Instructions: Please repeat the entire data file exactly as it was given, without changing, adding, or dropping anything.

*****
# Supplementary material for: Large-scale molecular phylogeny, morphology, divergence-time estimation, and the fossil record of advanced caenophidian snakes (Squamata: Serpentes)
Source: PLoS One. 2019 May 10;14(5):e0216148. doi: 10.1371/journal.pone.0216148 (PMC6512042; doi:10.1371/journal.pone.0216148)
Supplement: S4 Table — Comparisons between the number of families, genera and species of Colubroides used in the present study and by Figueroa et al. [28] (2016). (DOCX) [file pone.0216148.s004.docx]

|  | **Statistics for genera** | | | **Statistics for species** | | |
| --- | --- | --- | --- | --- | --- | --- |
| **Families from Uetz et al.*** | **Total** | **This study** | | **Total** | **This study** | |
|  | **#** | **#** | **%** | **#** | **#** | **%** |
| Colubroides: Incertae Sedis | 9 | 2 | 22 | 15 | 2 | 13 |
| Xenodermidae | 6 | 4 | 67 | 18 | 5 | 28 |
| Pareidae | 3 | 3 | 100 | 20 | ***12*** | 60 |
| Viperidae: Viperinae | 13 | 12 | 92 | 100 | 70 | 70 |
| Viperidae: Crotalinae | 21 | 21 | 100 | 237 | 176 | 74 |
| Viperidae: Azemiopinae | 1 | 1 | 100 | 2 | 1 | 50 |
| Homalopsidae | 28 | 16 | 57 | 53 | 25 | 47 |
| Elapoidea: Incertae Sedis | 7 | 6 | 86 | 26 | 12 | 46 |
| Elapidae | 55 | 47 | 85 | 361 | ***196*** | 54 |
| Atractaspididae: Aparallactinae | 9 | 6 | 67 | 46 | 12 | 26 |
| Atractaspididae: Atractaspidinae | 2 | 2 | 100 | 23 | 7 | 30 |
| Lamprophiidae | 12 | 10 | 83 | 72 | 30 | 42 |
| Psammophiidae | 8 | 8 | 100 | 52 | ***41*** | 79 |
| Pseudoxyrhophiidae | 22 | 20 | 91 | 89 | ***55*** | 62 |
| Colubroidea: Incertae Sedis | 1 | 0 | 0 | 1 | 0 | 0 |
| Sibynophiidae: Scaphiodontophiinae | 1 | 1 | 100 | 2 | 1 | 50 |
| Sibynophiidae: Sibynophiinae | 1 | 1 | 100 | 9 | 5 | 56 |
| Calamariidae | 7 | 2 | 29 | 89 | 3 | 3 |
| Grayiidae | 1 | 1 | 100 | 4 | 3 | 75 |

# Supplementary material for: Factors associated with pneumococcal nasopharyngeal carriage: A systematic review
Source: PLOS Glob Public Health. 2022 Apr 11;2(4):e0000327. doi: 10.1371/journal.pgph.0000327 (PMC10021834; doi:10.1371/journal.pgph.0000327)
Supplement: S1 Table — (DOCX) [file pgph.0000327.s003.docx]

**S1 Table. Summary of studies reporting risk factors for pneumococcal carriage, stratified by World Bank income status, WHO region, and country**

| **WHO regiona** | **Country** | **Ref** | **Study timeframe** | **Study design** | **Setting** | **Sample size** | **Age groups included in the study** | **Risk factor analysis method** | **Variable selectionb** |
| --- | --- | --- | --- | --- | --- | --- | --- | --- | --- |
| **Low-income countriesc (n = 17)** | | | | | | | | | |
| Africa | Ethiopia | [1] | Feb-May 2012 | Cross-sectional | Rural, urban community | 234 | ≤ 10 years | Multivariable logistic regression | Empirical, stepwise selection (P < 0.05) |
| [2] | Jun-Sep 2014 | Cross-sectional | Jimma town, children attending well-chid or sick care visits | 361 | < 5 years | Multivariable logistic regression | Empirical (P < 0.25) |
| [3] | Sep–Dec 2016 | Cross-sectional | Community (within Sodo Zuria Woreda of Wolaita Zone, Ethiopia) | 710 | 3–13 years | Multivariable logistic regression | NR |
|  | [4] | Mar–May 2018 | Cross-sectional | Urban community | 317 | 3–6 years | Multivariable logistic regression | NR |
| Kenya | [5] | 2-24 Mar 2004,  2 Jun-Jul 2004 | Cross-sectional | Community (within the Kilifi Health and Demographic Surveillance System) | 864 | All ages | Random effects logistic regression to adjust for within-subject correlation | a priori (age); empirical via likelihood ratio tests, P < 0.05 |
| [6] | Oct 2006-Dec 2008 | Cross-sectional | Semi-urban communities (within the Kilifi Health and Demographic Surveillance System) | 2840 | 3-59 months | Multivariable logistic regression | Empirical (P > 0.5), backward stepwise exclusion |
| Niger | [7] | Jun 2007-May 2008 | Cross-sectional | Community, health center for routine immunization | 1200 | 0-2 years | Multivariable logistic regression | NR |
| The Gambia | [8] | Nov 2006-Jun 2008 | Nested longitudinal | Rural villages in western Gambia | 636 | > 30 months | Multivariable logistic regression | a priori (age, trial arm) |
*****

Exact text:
# Supplementary material for: Large-scale molecular phylogeny, morphology, divergence-time estimation, and the fossil record of advanced caenophidian snakes (Squamata: Serpentes)
Source: PLoS One. 2019 May 10;14(5):e0216148. doi: 10.1371/journal.pone.0216148 (PMC6512042; doi:10.1371/journal.pone.0216148)
Supplement: S4 Table — Comparisons between the number of families, genera and species of Colubroides used in the present study and by Figueroa et al. [28] (2016). (DOCX) [file pone.0216148.s004.docx]

|  | **Statistics for genera** | | | **Statistics for species** | | |
| --- | --- | --- | --- | --- | --- | --- |
| **Families from Uetz et al.*** | **Total** | **This study** | | **Total** | **This study** | |
|  | **#** | **#** | **%** | **#** | **#** | **%** |
| Colubroides: Incertae Sedis | 9 | 2 | 22 | 15 | 2 | 13 |
| Xenodermidae | 6 | 4 | 67 | 18 | 5 | 28 |
| Pareidae | 3 | 3 | 100 | 20 | ***12*** | 60 |
| Viperidae: Viperinae | 13 | 12 | 92 | 100 | 70 | 70 |
| Viperidae: Crotalinae | 21 | 21 | 100 | 237 | 176 | 74 |
| Viperidae: Azemiopinae | 1 | 1 | 100 | 2 | 1 | 50 |
| Homalopsidae | 28 | 16 | 57 | 53 | 25 | 47 |
| Elapoidea: Incertae Sedis | 7 | 6 | 86 | 26 | 12 | 46 |
| Elapidae | 55 | 47 | 85 | 361 | ***196*** | 54 |
| Atractaspididae: Aparallactinae | 9 | 6 | 67 | 46 | 12 | 26 |
| Atractaspididae: Atractaspidinae | 2 | 2 | 100 | 23 | 7 | 30 |
| Lamprophiidae | 12 | 10 | 83 | 72 | 30 | 42 |
| Psammophiidae | 8 | 8 | 100 | 52 | ***41*** | 79 |
| Pseudoxyrhophiidae | 22 | 20 | 91 | 89 | ***55*** | 62 |
| Colubroidea: Incertae Sedis | 1 | 0 | 0 | 1 | 0 | 0 |
| Sibynophiidae: Scaphiodontophiinae | 1 | 1 | 100 | 2 | 1 | 50 |
| Sibynophiidae: Sibynophiinae | 1 | 1 | 100 | 9 | 5 | 56 |
| Calamariidae | 7 | 2 | 29 | 89 | 3 | 3 |
| Grayiidae | 1 | 1 | 100 | 4 | 3 | 75 |

# Supplementary material for: Factors associated with pneumococcal nasopharyngeal carriage: A systematic review
Source: PLOS Glob Public Health. 2022 Apr 11;2(4):e0000327. doi: 10.1371/journal.pgph.0000327 (PMC10021834; doi:10.1371/journal.pgph.0000327)
Supplement: S1 Table — (DOCX) [file pgph.0000327.s003.docx]

**S1 Table. Summary of studies reporting risk factors for pneumococcal carriage, stratified by World Bank income status, WHO region, and country**

| **WHO regiona** | **Country** | **Ref** | **Study timeframe** | **Study design** | **Setting** | **Sample size** | **Age groups included in the study** | **Risk factor analysis method** | **Variable selectionb** |
| --- | --- | --- | --- | --- | --- | --- | --- | --- | --- |
| **Low-income countriesc (n = 17)** | | | | | | | | | |
| Africa | Ethiopia | [1] | Feb-May 2012 | Cross-sectional | Rural, urban community | 234 | ≤ 10 years | Multivariable logistic regression | Empirical, stepwise selection (P < 0.05) |
| [2] | Jun-Sep 2014 | Cross-sectional | Jimma town, children attending well-chid or sick care visits | 361 | < 5 years | Multivariable logistic regression | Empirical (P < 0.25) |
| [3] | Sep–Dec 2016 | Cross-sectional | Community (within Sodo Zuria Woreda of Wolaita Zone, Ethiopia) | 710 | 3–13 years | Multivariable logistic regression | NR |
|  | [4] | Mar–May 2018 | Cross-sectional | Urban community | 317 | 3–6 years | Multivariable logistic regression | NR |
| Kenya | [5] | 2-24 Mar 2004,  2 Jun-Jul 2004 | Cross-sectional | Community (within the Kilifi Health and Demographic Surveillance System) | 864 | All ages | Random effects logistic regression to adjust for within-subject correlation | a priori (age); empirical via likelihood ratio tests, P < 0.05 |
| [6] | Oct 2006-Dec 2008 | Cross-sectional | Semi-urban communities (within the Kilifi Health and Demographic Surveillance System) | 2840 | 3-59 months | Multivariable logistic regression | Empirical (P > 0.5), backward stepwise exclusion |
| Niger | [7] | Jun 2007-May 2008 | Cross-sectional | Community, health center for routine immunization | 1200 | 0-2 years | Multivariable logistic regression | NR |
| The Gambia | [8] | Nov 2006-Jun 2008 | Nested longitudinal | Rural villages in western Gambia | 636 | > 30 months | Multivariable logistic regression | a priori (age, trial arm) |